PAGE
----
For the first time in the history of Brazil, the federal government is investigating the deaths and abuses suffered by Indigenous peoples during military dictatorship (1964-1985). The death toll may be twenty times more than previously known.
Santiago Navarro F.
Just as in World War II and Vietnam, napalm manufactured in the US burned the bodies of hundreds of indigenous individuals in Brazil, people without an army and without weapons. The objective was to take over their lands. Indigenous peoples in this country suffered the most from the atrocities committed during the military dictatorship (1964-1985) – with the support of the United States.
For the first time in Brazil’s history, the National Truth Commission, created by the federal government in 2012 in order to investigate political crimes committed by the State during the military dictatorship, gives statistics showing that the number of indigenous individuals killed could be 20 times greater than was previously officially registered by leftist militants.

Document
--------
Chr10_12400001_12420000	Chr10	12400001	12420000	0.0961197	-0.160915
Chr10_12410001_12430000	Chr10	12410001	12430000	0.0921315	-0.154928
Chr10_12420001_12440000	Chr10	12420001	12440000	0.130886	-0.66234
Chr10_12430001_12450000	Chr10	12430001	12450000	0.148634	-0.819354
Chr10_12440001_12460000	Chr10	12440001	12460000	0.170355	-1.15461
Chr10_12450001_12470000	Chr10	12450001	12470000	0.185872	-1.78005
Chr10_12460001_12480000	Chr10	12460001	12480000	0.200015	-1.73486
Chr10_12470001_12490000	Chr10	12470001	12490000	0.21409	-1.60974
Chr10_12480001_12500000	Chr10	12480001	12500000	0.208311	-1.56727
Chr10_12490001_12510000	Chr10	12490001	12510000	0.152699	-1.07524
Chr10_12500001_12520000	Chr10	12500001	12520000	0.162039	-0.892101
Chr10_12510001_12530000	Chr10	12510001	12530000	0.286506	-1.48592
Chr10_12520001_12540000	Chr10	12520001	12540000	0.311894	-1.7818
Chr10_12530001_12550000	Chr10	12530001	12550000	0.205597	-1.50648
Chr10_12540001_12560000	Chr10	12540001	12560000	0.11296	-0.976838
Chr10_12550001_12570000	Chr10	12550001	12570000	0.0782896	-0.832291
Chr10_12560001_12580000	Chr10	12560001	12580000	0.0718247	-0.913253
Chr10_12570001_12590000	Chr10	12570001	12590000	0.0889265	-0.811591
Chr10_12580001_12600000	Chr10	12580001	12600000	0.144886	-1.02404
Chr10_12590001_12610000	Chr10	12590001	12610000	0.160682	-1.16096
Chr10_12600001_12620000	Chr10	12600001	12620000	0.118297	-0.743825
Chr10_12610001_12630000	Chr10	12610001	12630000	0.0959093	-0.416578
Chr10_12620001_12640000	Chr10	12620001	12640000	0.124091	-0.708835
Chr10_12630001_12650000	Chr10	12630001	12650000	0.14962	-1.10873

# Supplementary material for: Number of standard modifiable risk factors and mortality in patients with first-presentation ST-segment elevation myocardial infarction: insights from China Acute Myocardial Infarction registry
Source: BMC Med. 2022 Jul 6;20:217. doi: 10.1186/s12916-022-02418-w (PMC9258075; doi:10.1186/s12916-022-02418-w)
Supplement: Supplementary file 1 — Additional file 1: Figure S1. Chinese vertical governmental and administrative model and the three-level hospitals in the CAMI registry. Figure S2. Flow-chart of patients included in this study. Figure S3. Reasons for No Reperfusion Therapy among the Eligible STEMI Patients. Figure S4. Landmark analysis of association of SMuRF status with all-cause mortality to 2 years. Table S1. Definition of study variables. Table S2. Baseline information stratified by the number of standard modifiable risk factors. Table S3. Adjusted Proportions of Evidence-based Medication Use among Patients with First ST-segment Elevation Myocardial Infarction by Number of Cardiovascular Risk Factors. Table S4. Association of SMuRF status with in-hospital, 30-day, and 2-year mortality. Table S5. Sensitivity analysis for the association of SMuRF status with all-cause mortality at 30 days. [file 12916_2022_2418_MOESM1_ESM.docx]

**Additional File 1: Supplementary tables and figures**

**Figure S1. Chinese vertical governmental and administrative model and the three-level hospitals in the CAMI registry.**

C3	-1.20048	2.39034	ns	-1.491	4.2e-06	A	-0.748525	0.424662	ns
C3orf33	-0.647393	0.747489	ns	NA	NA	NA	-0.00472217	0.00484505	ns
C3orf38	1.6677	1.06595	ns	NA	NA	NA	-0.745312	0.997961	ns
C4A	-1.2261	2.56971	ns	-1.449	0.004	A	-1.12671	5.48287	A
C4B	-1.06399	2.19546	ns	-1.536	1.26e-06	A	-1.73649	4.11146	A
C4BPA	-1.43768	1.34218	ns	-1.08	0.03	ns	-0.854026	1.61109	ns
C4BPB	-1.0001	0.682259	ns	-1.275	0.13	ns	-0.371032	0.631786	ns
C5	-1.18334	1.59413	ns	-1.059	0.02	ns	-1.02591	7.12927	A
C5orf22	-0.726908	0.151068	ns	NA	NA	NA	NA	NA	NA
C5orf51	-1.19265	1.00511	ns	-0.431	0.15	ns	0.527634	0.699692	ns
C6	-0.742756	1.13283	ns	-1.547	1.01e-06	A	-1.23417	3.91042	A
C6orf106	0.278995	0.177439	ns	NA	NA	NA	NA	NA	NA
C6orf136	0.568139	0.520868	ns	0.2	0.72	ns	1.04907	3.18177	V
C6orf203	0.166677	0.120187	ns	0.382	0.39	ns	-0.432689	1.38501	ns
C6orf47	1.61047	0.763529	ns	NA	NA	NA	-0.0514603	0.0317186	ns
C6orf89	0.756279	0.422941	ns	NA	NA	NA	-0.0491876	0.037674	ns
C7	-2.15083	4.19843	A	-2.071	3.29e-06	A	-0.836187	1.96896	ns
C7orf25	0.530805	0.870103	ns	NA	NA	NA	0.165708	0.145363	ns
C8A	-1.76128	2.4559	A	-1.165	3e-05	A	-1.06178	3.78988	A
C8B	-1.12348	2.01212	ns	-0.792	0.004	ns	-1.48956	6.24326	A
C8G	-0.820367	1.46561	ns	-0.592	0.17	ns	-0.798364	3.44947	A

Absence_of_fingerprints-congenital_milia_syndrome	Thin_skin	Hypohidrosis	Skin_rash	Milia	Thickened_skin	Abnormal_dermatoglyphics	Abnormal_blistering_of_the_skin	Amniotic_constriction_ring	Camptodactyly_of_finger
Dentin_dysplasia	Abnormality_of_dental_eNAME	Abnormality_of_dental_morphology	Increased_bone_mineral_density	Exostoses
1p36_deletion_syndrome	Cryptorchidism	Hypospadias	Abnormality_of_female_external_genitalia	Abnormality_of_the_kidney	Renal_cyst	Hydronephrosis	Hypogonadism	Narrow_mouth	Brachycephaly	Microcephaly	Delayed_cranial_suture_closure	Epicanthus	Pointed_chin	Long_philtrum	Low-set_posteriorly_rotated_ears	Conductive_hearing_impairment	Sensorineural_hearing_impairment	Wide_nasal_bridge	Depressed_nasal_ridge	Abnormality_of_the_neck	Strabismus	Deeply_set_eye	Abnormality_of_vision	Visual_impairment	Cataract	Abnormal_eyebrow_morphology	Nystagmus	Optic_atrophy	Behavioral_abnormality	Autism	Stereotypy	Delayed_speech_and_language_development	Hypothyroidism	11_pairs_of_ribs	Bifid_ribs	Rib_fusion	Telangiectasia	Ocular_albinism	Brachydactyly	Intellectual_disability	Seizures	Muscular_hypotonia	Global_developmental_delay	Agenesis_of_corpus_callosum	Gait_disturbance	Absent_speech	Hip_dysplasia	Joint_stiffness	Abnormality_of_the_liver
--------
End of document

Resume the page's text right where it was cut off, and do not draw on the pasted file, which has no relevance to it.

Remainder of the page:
Unlike other crimes committed by the State during that time period, no reparations or indemnification for the acts have been offered to indigenous people; they were not even considered victims of the military regime. “From the north to the south and from the east to the west, accusations of genocide, assassination of leaders and indigenous rights defenders, slavery, massacres, poisonings in small towns, forced displacement, secret prisons for indigenous people, the bombing of towns, torture, and denigrating treatment were registered [with the State Truth Commissions],” Marcelo Zelic, vice president of the anti-torture group Never Again – SP, one of the organizations that makes up the Indigenous Truth and Justice Commission, created in order to provide documents and information to the National Truth Commission – told Truthout during an audience with the Truth Commission of San Pablo open to journalists.
GuaranÃ leader Timoteo PopyguÃ¡ is from the El Dorado community in the state of Sao Paulo. He tells of his parents and grandparents, who lived in the municipality of the Manguerinha region in southern Brazil’s ParanÃ¡ state, and who were victims of the military regime.